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Laura Plantation

Location: Vacherie, St. James Pa., LA
Constructed: 1805

History: 3,000 years ago the Gulf of Mexico was pushed back from this area by the rich alluvial silt of the Mississippi River, Not long afterwards, nomadic bands of native Amerindians wandered through in annual migrations. Because this particular plot of land sits high above a geologic fault line, native settlements took root here by the early 1700s. By the 1780s, a large Colapissa ceremonial center was located here. The village named "Tabiscania," or "long river view," was still nestled among Cajun Farms when, in 1804, the Laura "Big House" was erected "with Indian huts surrounding it." Considering the natives to be Frenchmen, the French did not force them off the plantation. Instead, they lived on the fringes of European economy and settlements, with the last , full-blooded native Colapissa remaining on the property until 1915.

The first human cargo pushed off the docks in New Orleans arrived in the 1720s: slaves from French Senegal. For the next 60 years, these Muslim slaves were joined mostly by their fellow tribesmen from the SeneGambian basin. Captured for their agricultural and construction skills, their work created the colony and influenced all segments of the newly forming Creole culture, best seen today in cuisine, music, family centered traditions, architecture & life-style.

This sugar plantation started in 1805 with 7 slaves (6 west-African and 1 Amerindian). By the start of the Civil War, 185 enslaved workers were employed on this farm. Descendants of these very slaves live near the Laura Plantation to this day.

From the 1750s, several Frenchmen tried unsuccessfully to make a go of this property. In 1785, Spain ceded the land to 4 exiled Acadian (Cajun) farmers who lived here until 1804. With help from Thomas Jefferson, the land was granted to a French veteran of the American Revolution, Guillaume Duparc, who died soon afterwards. Four generations of women in his family ran the growing sugar plantation until Laura, the great-grand daughter of Duparc, sold it in 1891 to the family of Florian Waguespack, who were Creoles of German descent.

In the 1870s, Alcée Fortier, a young neighbor of Laura's, visited the workers' cabins at this site and at nearby plantations. As a teenager, Fortier began to collect the stories from former slaves, just as they told them to their children, all lively accounts of Compair Lapin and Compair Bouki, the clever rabbit and the stupid fool. In 1894, Fortier, the president of the American Folklore Society and Dean of Foreign Languages of Tulane University, published his stories, entitling them "Louisiana Folktales."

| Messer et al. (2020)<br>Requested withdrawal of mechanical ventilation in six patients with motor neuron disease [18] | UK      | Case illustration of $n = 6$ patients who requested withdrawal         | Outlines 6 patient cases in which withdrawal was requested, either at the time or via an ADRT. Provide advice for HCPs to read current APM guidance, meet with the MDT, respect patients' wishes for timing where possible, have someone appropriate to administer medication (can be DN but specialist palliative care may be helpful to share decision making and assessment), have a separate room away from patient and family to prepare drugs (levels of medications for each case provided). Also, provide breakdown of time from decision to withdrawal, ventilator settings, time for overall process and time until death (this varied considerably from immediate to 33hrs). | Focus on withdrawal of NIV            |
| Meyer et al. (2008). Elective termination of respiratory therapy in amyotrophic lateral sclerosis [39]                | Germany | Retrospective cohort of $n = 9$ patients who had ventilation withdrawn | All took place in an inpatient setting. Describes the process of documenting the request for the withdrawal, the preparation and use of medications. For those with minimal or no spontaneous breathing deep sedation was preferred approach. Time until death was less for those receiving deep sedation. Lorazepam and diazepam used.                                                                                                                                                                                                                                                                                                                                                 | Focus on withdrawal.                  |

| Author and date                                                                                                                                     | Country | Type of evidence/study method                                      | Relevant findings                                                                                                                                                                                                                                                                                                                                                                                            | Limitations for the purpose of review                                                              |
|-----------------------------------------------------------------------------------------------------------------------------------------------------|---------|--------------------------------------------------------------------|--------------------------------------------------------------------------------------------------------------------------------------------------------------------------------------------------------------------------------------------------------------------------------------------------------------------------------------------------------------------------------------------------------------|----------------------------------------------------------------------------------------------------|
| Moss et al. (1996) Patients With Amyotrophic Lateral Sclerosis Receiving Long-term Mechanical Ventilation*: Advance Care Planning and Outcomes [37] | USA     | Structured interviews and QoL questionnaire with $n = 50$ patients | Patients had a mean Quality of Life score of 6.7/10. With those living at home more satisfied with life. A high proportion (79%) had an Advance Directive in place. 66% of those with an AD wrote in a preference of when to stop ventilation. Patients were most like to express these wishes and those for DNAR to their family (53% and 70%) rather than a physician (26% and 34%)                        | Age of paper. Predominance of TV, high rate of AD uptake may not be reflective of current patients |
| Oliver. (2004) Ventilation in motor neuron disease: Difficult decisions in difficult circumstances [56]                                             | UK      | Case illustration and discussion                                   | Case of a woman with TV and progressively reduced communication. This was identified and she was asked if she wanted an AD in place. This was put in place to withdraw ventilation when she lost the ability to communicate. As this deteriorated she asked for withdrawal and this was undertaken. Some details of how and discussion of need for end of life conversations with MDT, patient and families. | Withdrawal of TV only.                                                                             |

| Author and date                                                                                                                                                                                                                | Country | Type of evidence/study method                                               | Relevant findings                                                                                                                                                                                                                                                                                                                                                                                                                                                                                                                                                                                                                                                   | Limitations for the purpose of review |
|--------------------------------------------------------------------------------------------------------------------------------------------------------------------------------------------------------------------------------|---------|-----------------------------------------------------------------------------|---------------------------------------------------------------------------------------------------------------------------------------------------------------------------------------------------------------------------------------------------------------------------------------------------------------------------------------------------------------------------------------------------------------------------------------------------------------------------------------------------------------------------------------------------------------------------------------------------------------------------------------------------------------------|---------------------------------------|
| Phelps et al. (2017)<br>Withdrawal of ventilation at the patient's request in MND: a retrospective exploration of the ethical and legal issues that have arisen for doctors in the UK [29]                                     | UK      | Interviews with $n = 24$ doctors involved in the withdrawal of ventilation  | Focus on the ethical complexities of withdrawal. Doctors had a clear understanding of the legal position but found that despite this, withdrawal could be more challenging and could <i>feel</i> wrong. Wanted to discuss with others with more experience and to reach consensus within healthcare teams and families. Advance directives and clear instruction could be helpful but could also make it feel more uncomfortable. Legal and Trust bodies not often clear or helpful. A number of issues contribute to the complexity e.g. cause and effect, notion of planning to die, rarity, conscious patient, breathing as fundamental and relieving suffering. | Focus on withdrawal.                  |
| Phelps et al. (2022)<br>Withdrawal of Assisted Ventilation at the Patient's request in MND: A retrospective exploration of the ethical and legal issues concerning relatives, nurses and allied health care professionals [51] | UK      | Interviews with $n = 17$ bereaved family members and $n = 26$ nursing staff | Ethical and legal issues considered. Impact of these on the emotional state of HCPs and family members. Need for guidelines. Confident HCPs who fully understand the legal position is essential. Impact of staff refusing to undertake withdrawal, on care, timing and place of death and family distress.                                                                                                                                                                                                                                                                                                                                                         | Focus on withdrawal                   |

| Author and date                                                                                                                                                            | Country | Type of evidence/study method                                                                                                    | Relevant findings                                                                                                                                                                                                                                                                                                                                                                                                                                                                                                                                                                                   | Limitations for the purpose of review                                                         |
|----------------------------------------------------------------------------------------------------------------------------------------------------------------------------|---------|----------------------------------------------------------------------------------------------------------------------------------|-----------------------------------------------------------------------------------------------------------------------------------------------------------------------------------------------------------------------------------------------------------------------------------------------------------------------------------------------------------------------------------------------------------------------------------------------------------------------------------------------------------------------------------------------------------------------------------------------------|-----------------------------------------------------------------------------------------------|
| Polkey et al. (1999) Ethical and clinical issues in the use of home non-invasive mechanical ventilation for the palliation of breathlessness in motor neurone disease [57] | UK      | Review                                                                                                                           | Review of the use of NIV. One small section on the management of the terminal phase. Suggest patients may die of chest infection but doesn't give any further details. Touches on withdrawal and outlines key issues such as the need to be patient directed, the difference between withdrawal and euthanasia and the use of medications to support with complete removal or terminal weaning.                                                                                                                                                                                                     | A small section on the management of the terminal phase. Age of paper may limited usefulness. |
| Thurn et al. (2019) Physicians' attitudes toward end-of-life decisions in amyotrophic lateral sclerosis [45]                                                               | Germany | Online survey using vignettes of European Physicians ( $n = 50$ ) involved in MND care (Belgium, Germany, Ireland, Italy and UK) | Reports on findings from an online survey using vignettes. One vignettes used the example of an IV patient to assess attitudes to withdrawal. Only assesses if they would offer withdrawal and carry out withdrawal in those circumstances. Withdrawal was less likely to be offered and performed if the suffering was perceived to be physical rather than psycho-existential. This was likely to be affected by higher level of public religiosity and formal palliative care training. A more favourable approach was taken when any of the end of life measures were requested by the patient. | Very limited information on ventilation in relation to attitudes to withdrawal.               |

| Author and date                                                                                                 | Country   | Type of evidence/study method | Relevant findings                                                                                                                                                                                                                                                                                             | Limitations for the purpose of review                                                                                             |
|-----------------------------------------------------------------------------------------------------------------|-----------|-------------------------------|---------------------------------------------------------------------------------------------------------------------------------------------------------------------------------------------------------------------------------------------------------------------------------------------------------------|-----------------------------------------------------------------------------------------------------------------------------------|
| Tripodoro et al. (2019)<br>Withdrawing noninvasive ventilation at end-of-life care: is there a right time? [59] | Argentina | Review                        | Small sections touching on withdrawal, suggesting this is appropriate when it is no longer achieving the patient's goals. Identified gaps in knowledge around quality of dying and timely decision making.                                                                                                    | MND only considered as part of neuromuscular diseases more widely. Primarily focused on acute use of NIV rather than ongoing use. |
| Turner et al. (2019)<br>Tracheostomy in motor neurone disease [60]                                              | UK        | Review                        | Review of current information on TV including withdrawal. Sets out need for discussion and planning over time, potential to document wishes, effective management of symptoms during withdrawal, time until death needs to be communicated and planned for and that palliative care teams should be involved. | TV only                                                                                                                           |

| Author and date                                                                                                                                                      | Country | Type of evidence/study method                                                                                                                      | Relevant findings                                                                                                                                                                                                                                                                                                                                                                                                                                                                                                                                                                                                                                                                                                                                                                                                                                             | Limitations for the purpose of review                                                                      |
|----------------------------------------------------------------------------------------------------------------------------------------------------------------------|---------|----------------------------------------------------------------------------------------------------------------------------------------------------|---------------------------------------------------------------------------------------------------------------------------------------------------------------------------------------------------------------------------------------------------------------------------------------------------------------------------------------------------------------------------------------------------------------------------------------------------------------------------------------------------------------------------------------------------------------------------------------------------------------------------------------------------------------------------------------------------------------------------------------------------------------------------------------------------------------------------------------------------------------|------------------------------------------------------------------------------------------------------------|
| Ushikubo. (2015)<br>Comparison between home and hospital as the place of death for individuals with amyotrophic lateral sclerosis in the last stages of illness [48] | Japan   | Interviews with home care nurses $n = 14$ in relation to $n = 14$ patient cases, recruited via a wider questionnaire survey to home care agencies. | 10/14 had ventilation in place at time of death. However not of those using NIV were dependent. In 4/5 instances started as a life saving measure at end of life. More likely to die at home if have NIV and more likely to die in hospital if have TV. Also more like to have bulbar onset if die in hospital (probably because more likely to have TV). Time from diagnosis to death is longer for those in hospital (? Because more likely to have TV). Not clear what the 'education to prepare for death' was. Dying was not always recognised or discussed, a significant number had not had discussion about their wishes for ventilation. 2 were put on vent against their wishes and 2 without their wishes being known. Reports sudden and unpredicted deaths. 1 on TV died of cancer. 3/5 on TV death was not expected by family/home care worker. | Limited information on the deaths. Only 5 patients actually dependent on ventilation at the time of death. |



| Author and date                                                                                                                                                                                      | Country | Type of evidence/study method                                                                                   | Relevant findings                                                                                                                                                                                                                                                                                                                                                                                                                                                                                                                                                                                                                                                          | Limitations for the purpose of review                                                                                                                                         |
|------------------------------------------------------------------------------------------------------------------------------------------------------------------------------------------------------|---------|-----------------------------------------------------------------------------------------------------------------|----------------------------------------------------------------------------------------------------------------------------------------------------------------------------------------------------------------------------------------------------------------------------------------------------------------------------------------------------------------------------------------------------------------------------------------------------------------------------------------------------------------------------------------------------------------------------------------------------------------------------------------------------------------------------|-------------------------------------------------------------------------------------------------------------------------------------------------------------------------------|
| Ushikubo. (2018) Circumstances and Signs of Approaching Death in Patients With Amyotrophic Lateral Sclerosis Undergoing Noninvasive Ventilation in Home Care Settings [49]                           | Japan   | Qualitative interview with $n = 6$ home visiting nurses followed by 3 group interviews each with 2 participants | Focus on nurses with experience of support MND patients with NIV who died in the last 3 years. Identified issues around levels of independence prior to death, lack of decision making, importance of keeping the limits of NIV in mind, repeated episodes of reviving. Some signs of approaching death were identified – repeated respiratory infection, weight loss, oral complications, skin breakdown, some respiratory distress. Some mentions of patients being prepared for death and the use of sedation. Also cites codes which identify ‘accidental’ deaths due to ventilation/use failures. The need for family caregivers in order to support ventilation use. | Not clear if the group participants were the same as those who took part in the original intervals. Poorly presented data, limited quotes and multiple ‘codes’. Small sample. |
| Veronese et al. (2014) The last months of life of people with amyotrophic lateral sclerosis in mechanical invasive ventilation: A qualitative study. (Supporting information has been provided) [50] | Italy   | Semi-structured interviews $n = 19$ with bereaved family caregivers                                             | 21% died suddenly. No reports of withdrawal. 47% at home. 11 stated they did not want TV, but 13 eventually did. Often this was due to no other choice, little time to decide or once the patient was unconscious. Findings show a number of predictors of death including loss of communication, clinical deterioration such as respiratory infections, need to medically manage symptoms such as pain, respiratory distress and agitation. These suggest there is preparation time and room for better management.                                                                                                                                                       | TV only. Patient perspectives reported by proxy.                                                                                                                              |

One year later, Fortier's friend and colleague in Georgia, Joel Chandler Harris, published stories that he had heard in English, tales told by former slaves in Georgia and the Carolinas. To great success, Harris published "Tales of Uncle Remus", including his "The Little Tar Baby." Ever since, English-speakers would know Compair Lapin as that rascal: Br'er Rabbit.

Fortier recorded 2 main characters in his tales: Lapin & Bouki. Lapin is French for Rabbit. Bouki is a Wollof word, the language spoken in Senegal in west-Africa, and means "stupid hyena." In the 1720s, when the first slaves arrived in Louisiana, Senegal was the homeland for almost all of these captives. For the next 60 years, Senegalese slaves formed the core of the African experience in Louisiana. Then, in the 1780s, the slave trade shifted to the English colonies, again bringing slaves out of Senegal. During all these years, the Senegalese slaves, whether in Louisiana or on the East Coast, were handing down the same tales of the rabbit and hyena to their descendants.

Today, in Senegal, Wollof-speaking children learn French in school. Third-graders there are taught from one textbook, written in 1953 by a local teacher, Leopold Senghor, who took stories children already knew in their Wollof language and translated them into French. Senghor was, for years, President of Senegal, and the stories he recorded 50 years ago about Leuk, the clever rabbit, and Bouki, the stupid hyena, are the same, almost word for word, that Fortier collected in the 1870s.

For hundreds of years, in many countries, these same tales have been handed down, some calling the rabbit Lapin or Malice, Brother Rabbit or Br'er Rabbit or, for unknown ages before, Leuk. Recalled by young and old, rich and poor, enslaved and free, these storied are, today, among the most widely known folktales in the world. It is this shared cultural treasure that visitors re-discover a Laura Plantation and the shared heritage that Laura celebrates during its annual Br'er Rabbit Folk Festival.

Associated Surnames: Duparc, Gore, Locoul

Associated Free White Names

Associated Black Slave Names


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